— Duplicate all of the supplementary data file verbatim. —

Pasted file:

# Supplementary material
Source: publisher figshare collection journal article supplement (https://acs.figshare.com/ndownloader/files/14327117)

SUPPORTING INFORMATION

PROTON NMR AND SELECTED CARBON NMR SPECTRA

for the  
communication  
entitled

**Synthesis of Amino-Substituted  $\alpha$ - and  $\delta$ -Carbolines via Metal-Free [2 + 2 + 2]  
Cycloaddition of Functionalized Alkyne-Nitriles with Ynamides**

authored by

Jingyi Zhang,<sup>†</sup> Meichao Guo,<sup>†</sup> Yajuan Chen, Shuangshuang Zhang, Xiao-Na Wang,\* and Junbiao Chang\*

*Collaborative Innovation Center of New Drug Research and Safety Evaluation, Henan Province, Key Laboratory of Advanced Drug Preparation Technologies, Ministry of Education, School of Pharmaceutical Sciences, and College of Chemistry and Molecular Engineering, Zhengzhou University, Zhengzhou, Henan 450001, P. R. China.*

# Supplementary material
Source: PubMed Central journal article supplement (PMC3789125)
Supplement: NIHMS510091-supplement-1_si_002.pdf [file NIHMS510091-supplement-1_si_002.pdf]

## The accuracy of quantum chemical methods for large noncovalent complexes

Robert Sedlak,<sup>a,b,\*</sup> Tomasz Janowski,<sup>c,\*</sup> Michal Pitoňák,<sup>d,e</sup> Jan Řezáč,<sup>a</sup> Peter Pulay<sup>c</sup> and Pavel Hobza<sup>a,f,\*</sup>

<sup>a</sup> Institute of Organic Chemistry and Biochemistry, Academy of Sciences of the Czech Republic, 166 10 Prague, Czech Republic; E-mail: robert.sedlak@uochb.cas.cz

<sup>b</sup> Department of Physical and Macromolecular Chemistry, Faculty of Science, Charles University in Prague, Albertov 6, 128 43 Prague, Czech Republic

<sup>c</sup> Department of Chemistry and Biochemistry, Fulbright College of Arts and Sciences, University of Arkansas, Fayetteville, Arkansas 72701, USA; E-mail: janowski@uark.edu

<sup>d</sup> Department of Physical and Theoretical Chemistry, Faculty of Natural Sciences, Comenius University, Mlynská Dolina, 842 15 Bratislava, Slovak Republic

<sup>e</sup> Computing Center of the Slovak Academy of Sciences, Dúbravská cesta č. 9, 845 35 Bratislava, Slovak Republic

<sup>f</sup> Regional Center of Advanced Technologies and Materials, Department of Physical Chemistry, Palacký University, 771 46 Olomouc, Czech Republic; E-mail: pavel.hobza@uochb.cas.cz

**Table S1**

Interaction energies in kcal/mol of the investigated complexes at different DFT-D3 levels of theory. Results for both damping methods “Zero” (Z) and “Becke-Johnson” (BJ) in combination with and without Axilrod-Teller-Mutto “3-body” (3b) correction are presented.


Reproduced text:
# Supplementary material
Source: publisher figshare collection journal article supplement (https://acs.figshare.com/ndownloader/files/14327117)

SUPPORTING INFORMATION

PROTON NMR AND SELECTED CARBON NMR SPECTRA

for the  
communication  
entitled

**Synthesis of Amino-Substituted  $\alpha$ - and  $\delta$ -Carbolines via Metal-Free [2 + 2 + 2]  
Cycloaddition of Functionalized Alkyne-Nitriles with Ynamides**

authored by

Jingyi Zhang,<sup>†</sup> Meichao Guo,<sup>†</sup> Yajuan Chen, Shuangshuang Zhang, Xiao-Na Wang,\* and Junbiao Chang\*

*Collaborative Innovation Center of New Drug Research and Safety Evaluation, Henan Province, Key Laboratory of Advanced Drug Preparation Technologies, Ministry of Education, School of Pharmaceutical Sciences, and College of Chemistry and Molecular Engineering, Zhengzhou University, Zhengzhou, Henan 450001, P. R. China.*

# Supplementary material
Source: PubMed Central journal article supplement (PMC3789125)
Supplement: NIHMS510091-supplement-1_si_002.pdf [file NIHMS510091-supplement-1_si_002.pdf]

## The accuracy of quantum chemical methods for large noncovalent complexes

Robert Sedlak,<sup>a,b,\*</sup> Tomasz Janowski,<sup>c,\*</sup> Michal Pitoňák,<sup>d,e</sup> Jan Řezáč,<sup>a</sup> Peter Pulay<sup>c</sup> and Pavel Hobza<sup>a,f,\*</sup>

<sup>a</sup> Institute of Organic Chemistry and Biochemistry, Academy of Sciences of the Czech Republic, 166 10 Prague, Czech Republic; E-mail: robert.sedlak@uochb.cas.cz

<sup>b</sup> Department of Physical and Macromolecular Chemistry, Faculty of Science, Charles University in Prague, Albertov 6, 128 43 Prague, Czech Republic

<sup>c</sup> Department of Chemistry and Biochemistry, Fulbright College of Arts and Sciences, University of Arkansas, Fayetteville, Arkansas 72701, USA; E-mail: janowski@uark.edu

<sup>d</sup> Department of Physical and Theoretical Chemistry, Faculty of Natural Sciences, Comenius University, Mlynská Dolina, 842 15 Bratislava, Slovak Republic

<sup>e</sup> Computing Center of the Slovak Academy of Sciences, Dúbravská cesta č. 9, 845 35 Bratislava, Slovak Republic

<sup>f</sup> Regional Center of Advanced Technologies and Materials, Department of Physical Chemistry, Palacký University, 771 46 Olomouc, Czech Republic; E-mail: pavel.hobza@uochb.cas.cz

**Table S1**

Interaction energies in kcal/mol of the investigated complexes at different DFT-D3 levels of theory. Results for both damping methods “Zero” (Z) and “Becke-Johnson” (BJ) in combination with and without Axilrod-Teller-Mutto “3-body” (3b) correction are presented.